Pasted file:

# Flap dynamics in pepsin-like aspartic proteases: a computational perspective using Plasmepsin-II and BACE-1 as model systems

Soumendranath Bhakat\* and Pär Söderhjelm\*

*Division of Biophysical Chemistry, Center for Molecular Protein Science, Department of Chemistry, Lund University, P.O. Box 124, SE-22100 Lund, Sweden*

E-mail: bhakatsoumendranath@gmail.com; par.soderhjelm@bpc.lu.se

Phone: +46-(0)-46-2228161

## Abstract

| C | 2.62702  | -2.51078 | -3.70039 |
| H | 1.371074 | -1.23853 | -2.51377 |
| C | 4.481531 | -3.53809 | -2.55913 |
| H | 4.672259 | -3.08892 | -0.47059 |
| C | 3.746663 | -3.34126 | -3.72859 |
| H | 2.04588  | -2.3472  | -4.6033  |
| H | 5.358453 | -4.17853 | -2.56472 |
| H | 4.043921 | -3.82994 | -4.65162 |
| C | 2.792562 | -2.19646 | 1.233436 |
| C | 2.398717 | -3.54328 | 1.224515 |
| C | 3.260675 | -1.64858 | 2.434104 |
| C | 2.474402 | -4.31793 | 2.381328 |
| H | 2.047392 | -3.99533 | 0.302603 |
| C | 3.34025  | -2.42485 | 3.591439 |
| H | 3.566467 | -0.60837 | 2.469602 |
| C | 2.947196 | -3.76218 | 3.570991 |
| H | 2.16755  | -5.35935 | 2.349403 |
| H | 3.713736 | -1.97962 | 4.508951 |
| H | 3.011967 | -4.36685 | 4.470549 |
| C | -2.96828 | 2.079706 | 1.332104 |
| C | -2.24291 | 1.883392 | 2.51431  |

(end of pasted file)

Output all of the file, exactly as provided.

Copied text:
# Flap dynamics in pepsin-like aspartic proteases: a computational perspective using Plasmepsin-II and BACE-1 as model systems

Soumendranath Bhakat\* and Pär Söderhjelm\*

*Division of Biophysical Chemistry, Center for Molecular Protein Science, Department of Chemistry, Lund University, P.O. Box 124, SE-22100 Lund, Sweden*

E-mail: bhakatsoumendranath@gmail.com; par.soderhjelm@bpc.lu.se

Phone: +46-(0)-46-2228161

## Abstract

| C | 2.62702  | -2.51078 | -3.70039 |
| H | 1.371074 | -1.23853 | -2.51377 |
| C | 4.481531 | -3.53809 | -2.55913 |
| H | 4.672259 | -3.08892 | -0.47059 |
| C | 3.746663 | -3.34126 | -3.72859 |
| H | 2.04588  | -2.3472  | -4.6033  |
| H | 5.358453 | -4.17853 | -2.56472 |
| H | 4.043921 | -3.82994 | -4.65162 |
| C | 2.792562 | -2.19646 | 1.233436 |
| C | 2.398717 | -3.54328 | 1.224515 |
| C | 3.260675 | -1.64858 | 2.434104 |
| C | 2.474402 | -4.31793 | 2.381328 |
| H | 2.047392 | -3.99533 | 0.302603 |
| C | 3.34025  | -2.42485 | 3.591439 |
| H | 3.566467 | -0.60837 | 2.469602 |
| C | 2.947196 | -3.76218 | 3.570991 |
| H | 2.16755  | -5.35935 | 2.349403 |
| H | 3.713736 | -1.97962 | 4.508951 |
| H | 3.011967 | -4.36685 | 4.470549 |
| C | -2.96828 | 2.079706 | 1.332104 |
| C | -2.24291 | 1.883392 | 2.51431  |